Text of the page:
Why the UMHB Ed.D.?
Three Year Completion Pathway
The pursuit of a doctorate degree includes two major activities that are required for graduation. A doctorate degree generally requires a major research project, such as a dissertation, in addition to a series of courses. The dissertation represents the culminating project of a doctorate degree in which the student uses existing research to discover new knowledge. In most doctoral programs the dissertation process resides at the end of the course sequencing after traditional coursework has been completed. This can lead to extended time frames for completion as students often encounter feelings of isolation and low motivation levels for taking on such a task "alone." It is also the point in a degree program where most students fail.
The UMHB Ed.D has a level of success as measured by graduation rates that far exceeds that of many other doctoral programs. National statistics on the graduation of doctoral students are generally fairly bleak. In spite of the fact that doctoral programs primarily require a strong record of academic skill and quality for admission, it is widely estimated that between 40% and 50% of doctoral students fail to complete their degree (Berelson, 1960; Bowen & Redenstine, 1992; Golde, 2005). An additional challenge to doctoral students is the length of time to completion. While the coursework for most doctorates can be completed in less than three years, a variety of complications lead to an estimated 9% of all doctoral students completing a degree through graduation within four years (Council of Graduate Schools, 2008).
The UMHB Ed.D program encourages and facilitates the timely completion of high quality, relevant dissertation research. The program sequence incorporates 9 hours of research and statistics courses in the first 18 months of the program, followed by 6 hours of dissertation courses in the last 18 months. Culminating products for these courses are intentionally and strategically aligned to the dissertation process. Therefore, students are consistently guided and mentored on their projects throughout their time in the program, from beginning to end.
In contrast to national trends in doctoral programs, the UMHB Ed.D program has a history of producing graduates in a high percentage and in a relatively short period. Throughout its existence, the doctoral program has had a majority of its students complete their degrees within four years. For example, over 68% of the students who began the program in the summer of 2009 had completely earned their degrees by May of 2012. This superior performance may be related to intensive personal advising that each student receives and the embedded dissertation process that begins in the first semester of study.
Researching Professional vs. Professional Researcher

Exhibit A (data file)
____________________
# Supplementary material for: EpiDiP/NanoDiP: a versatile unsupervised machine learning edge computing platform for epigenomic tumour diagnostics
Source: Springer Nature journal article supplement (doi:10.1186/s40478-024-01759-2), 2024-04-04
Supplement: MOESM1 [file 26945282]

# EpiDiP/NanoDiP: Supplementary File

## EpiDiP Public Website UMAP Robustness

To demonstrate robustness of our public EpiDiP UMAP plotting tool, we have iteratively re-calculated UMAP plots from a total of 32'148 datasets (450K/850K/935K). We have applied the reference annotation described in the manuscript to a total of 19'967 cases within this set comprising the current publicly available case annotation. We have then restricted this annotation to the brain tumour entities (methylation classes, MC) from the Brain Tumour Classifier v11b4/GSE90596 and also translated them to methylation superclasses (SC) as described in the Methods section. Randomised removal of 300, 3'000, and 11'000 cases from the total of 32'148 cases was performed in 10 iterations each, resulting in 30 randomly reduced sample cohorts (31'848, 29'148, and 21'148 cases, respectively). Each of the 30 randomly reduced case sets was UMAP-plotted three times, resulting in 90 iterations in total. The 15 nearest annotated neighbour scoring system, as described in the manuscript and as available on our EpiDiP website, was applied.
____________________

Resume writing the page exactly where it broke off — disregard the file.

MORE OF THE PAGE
A doctoral degree expresses the obtainment of the highest degree of achievement within a specific field. At its core, the degree not only entails an extended period of knowledge consumption but also an evolution of the learner to the point in which they can add to the existing body of knowledge through research. According to Taylor (2008), doctorate degrees are awarded to students that have demonstrated an acquisition and understanding of existing knowledge and also the creation and interpretation of new knowledge. The applied doctorate degree, on the other hand, focuses on training individuals for applied fields. The Doctor of Medicine and the Doctor of Education are two examples of applied doctorates as they use research to better practice their craft.
Individuals are often attracted to professional doctorates for their perceived “relevancy” to their field (Neumann 2005), in which most students have prior experience before enrolling. One of the key differences lies within this facet, due to most professional doctorate students being more experienced and serving as part-time students while continuing their full-time profession (Neumann, 2005). These students wish to increase their base knowledge and their ability to conduct research applicable to their chosen field to develop into more complete professionals. The UMHB Ed.D attempts to create educators that are researching professionals that are equipped to make informed decisions in an applied realm.
Berelson, B. (1960). Graduate education in the United States. New York: McGraw-Hill.
Bowen, W. & Rudenstine, N. (1992). In pursuit of the PhD. Princeton, HJ: Princeton University Press.
Council of Graduate Schools. (2008). Ph.D. completion and attrition: Analysis of baseline program data from the Ph.D. Completion Project. Washington, DC
Golde, C. (2005). The role of the department and discipline in doctoral student attrition: Lessons from four departments. Journal of Higher Education, 76(6), 669-700.
Lovitts, B. (2001). Leaving the ivory tower: The causes and consequences of departure from doctoral study (1st ed.). New York: Rowman and Littlefield Publishers, Inc. Neumann, R. (2005). Doctoral Differences: Professional doctorates and PhDs compared. Journal of Higher Education Policy and Management, 27(2), 173-188.
Taylor, J. (2008). Quality and Standards: The challenge of the professional doctorate. Higher Education in Europe, 33(1), 65-87.
Page last updated September 27, 2018